"There's a bit of magic in everything, and some loss to even things out." -Lou Reed

Friday, February 17, 2012

Signs that Perhaps I Have a Few Things on my Mind

During the year that we dated before we got married, my husband quickly learned about a few of my most prevalent quirks. Namely, I lose my keys and my cell phone a minimum of three to four times a day. I have some other more endearing idiosyncrasies, but the loss of the cell phone and keys is a constant. And yes, I have tried the clap-your-hands-to-locate-the-key-ring gadget, and the simple bowl by the door where I could easily deposit these items when entering the house so they can be effortlessly located later. But no matter what, all attempts have failed to rid me of these issues.

Luckily, as I have said before, my husband is patient and is pretty constantly amused by this phenomenon. And I don’t use the word phenomenon very often. But I have managed to lose my keys and/or cell phone within seconds of holding them in my hand, taking HOURS to find them after. I have been late or had to be a no show to dinners and gatherings because of my inability to locate my keys. And if you are still doubting my use of the word phenomenon, I present exhibit A, a photo of my keychain. The fact that it resembles a janitor’s key ring is no accident. I did this on purpose. My thinking was that SURELY if I put my keys on this HUGE keychain, I couldn’t lose them. I mean, seriously. HOW can you lose this set of keys? How can they not remain in plain sight wherever I leave them?

I have tried to blame a lot of things: stress (probably a factor), my busy schedule (possibly, at times, also a factor) and then, when I am desperate, I blame our dog Bear, or some other innocent bystander, including my husband. This usually draws the reaction of a raised eyebrow from Shea, and maybe the reminder that at NO time since we have been together have my lost keys been anyone’s fault but my own. This reminds me to shut up and keep searching, because as I am honestly aware, this is my issue.

I have also occasionally run out of gas. However, this hasn’t been as frequent, at least within the last 6 months. So, I am going to write that one off to issues we DID have with the gas gauge, and the fact that the majority of those occurrences took place while I was working and trying to plan our wedding simultaneously. You can blame a lot of things on the stress of planning a wedding, it comes in handy, people actually do sympathize if they have done it before. I have done a much better job of monitoring the gas level in the car after the third time my husband had to pick me up, stranded by the road, with one of the many gas cans he had to buy in preparation for these occurrences. But, like I said, the last time that happened was over six months ago.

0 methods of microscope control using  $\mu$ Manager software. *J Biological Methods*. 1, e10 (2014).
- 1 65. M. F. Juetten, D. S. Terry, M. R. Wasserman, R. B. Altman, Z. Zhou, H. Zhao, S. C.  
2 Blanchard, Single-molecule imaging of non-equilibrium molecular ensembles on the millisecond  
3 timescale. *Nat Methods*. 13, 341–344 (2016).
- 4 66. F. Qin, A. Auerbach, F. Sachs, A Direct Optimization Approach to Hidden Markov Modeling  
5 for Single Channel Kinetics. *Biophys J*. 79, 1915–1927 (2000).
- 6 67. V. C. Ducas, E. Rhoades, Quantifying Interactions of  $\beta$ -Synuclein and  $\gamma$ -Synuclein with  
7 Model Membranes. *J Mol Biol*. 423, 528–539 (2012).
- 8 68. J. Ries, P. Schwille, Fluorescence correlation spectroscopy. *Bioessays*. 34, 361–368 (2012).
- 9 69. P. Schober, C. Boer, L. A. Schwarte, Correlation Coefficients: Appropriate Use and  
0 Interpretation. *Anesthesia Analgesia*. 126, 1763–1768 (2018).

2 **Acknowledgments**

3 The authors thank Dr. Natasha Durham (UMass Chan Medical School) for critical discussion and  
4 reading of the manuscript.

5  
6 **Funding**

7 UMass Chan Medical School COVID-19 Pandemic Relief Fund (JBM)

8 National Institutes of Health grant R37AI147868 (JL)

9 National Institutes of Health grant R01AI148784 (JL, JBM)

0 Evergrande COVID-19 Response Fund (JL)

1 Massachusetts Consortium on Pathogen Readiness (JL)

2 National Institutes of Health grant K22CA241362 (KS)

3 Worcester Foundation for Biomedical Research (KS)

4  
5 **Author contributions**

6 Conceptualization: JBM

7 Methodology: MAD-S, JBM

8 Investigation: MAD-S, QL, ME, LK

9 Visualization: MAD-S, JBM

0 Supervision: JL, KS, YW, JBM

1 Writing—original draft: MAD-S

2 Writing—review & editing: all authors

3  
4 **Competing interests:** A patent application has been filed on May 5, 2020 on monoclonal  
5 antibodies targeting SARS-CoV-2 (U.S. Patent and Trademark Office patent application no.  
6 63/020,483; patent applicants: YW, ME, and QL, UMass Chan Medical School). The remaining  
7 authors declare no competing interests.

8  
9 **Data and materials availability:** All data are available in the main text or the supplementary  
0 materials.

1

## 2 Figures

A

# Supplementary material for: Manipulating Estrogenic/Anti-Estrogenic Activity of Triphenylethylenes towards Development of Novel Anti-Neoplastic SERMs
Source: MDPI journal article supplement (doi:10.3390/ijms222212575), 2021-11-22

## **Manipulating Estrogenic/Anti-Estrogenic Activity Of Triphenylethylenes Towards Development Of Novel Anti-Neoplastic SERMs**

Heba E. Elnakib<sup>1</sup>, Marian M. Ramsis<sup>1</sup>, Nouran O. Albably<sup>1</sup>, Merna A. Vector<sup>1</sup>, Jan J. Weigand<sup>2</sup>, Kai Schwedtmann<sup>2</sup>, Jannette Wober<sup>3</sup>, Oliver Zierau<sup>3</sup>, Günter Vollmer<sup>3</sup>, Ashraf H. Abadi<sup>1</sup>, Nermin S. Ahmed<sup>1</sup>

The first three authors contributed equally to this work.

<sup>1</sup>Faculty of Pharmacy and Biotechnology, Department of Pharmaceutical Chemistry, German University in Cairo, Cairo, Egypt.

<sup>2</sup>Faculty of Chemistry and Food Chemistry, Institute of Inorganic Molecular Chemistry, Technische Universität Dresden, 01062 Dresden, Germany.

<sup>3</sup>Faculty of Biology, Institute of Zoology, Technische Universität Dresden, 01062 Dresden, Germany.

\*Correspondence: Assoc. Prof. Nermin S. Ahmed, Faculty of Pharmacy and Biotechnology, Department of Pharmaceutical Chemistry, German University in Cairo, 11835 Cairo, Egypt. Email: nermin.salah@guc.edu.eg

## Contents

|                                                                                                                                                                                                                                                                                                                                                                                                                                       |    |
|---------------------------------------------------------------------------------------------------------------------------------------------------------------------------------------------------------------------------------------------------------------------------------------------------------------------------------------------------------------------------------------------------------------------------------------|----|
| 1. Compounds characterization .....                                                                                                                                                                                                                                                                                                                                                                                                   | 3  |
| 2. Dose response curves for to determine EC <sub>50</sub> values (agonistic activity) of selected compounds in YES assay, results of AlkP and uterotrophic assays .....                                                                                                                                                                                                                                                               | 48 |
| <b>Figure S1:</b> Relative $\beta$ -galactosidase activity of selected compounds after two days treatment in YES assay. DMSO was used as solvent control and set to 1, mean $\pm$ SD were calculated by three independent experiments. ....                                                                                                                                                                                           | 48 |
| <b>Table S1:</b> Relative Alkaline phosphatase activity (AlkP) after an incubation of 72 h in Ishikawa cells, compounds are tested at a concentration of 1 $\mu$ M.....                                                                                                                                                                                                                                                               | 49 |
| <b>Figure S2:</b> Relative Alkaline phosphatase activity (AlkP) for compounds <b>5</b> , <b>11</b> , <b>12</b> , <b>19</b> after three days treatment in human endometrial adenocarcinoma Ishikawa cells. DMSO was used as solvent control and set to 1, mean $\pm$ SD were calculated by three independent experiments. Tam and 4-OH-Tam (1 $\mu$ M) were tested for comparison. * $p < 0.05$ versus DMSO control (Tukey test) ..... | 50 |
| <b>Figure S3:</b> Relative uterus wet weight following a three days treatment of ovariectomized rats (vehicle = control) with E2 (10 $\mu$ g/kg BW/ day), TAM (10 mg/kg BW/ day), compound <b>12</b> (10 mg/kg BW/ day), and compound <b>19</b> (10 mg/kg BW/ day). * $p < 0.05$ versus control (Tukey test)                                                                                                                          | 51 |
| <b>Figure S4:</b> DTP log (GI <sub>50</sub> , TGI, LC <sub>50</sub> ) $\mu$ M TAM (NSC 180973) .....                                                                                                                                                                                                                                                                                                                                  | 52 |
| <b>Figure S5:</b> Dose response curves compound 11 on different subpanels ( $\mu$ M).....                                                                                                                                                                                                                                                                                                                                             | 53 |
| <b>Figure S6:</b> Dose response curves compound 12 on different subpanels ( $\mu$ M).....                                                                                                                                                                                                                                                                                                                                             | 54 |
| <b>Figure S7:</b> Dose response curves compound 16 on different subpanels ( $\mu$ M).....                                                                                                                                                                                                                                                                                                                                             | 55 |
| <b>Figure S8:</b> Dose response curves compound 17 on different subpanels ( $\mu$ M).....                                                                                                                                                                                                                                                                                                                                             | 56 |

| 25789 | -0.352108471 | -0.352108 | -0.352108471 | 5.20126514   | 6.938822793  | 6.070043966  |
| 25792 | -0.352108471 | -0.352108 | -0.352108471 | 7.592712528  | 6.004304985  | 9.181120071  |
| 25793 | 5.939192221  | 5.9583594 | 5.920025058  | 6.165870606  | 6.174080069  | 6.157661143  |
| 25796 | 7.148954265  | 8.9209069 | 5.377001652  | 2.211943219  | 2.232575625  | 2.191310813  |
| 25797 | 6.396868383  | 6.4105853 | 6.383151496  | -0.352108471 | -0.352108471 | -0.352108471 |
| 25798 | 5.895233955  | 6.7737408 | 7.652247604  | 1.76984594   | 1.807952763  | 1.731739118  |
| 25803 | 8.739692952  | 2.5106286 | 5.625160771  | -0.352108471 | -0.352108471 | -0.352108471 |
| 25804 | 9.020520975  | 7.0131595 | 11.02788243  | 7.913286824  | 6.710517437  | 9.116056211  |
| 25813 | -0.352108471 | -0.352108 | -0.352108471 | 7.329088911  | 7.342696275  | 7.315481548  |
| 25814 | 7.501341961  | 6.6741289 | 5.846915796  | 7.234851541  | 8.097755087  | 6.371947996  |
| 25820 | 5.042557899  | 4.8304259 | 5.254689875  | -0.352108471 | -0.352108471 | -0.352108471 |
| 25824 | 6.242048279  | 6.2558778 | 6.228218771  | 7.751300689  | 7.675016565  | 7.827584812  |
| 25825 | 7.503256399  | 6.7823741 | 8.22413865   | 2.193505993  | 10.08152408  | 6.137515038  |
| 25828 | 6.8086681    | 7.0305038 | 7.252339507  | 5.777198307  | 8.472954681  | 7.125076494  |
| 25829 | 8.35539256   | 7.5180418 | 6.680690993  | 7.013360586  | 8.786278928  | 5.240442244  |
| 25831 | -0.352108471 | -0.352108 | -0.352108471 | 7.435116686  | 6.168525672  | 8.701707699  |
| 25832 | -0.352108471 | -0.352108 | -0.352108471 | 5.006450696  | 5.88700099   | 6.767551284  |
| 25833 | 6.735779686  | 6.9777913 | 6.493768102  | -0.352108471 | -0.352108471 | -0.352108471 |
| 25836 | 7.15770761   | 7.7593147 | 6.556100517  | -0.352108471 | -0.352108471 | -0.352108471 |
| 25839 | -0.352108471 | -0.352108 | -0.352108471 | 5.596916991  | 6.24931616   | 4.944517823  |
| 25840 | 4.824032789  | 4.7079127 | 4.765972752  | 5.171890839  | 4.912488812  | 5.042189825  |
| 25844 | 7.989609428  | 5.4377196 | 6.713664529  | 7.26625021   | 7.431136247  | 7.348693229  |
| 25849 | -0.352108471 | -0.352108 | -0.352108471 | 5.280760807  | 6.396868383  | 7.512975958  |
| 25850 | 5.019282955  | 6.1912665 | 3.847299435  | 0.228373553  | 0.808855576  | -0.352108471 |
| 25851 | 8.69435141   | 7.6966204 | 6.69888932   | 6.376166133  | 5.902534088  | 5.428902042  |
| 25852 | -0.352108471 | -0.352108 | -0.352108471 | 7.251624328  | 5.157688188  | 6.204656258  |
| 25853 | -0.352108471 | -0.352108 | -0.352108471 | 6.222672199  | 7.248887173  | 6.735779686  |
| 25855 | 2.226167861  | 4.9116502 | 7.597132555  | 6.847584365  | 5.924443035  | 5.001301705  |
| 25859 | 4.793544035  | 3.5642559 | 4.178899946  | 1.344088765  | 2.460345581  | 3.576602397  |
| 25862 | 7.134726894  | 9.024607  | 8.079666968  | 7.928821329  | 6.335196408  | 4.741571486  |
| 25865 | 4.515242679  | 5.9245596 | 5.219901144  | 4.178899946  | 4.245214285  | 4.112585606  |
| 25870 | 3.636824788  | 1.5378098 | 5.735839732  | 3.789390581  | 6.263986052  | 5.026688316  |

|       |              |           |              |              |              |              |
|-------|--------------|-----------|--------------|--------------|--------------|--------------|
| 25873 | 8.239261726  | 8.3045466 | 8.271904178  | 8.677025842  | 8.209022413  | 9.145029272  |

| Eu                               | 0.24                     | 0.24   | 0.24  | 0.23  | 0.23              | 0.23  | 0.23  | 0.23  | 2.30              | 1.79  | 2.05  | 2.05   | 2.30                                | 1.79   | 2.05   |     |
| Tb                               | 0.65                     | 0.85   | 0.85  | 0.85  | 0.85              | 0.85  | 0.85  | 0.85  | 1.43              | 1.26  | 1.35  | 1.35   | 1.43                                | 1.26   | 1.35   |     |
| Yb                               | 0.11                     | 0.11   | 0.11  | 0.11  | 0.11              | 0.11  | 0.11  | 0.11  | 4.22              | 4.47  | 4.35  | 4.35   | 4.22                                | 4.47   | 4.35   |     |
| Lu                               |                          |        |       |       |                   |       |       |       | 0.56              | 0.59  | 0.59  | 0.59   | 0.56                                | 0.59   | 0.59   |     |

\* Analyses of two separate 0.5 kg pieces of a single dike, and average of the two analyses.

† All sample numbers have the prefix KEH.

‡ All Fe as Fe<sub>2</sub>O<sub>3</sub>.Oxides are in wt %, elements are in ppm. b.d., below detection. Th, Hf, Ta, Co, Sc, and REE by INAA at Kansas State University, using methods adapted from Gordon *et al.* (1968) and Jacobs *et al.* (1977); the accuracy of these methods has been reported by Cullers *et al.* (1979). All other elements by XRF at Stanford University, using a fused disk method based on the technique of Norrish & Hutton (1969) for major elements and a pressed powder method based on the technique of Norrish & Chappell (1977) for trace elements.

So, if you are thinking, wow, her husband is AWESOME and patient and wonderful, you would be right. Most of the time. But he was all of those things last night when I topped my own record of absent-minded activities.

We were both a little excited that our favorite breakfast restaurant was hosting a pancake supper to benefit a local charity. We were also happy to be able to see Shea’s cousin and her boyfriend and get to visit and chat with them, which we don’t get to do enough. So, we headed to the restaurant, arrived and parked, walked inside, and were immediately seated and enjoying the conversation and pancakes. I should probably mention here (in my own defense) that I was having a migraine last night, but I was determined to power through dinner.

So, after dinner, we walked out of the restaurant, and I had difficulty locating my keys. This is not an unfamiliar occurrence, so everyone was giggling a little as I dug through my purse. My husband was shaking his head, and without any prompting, went back in the restaurant to look for my missing keys at our table. He came back empty handed.

I knew that the keys weren’t in my purse, and that sinking feeling in my stomach hit. I knew that I had locked the keys in the car. Shea shot me a sideways glance as he led the way to the parking lot. He was walking a little ahead of me, and in a somewhat irritated voice said, “Honey, you left the lights on!” I cringed. Then, he stopped in his tracks. I am not sure I will ever forget the look on his face at that moment- a combination of horror, shock, anger, and amusement. I was standing a few feet away in the parking lot, Shea was beside the car. “Honey,” he said, “THE CAR IS RUNNING!” Everyone got quiet for a second. I honestly shocked myself with this one. When we had arrived, Shea had gotten out of the car and walked ahead, waiting for me closer to the edge of the parking lot. (It sometimes takes me a few moments to get my things and get out of the car). I had followed behind him, locking the apparently running car with the lights on, behind me.

Again, in my defense, I was battling a migraine that I didn’t want to keep us from one more event (this happens more often than I would like). AND, I have some family stuff going on that is worrying me these days. But, to be honest, I battle migraines two or three times a week, and there is ALWAYS something going on that is worrying me.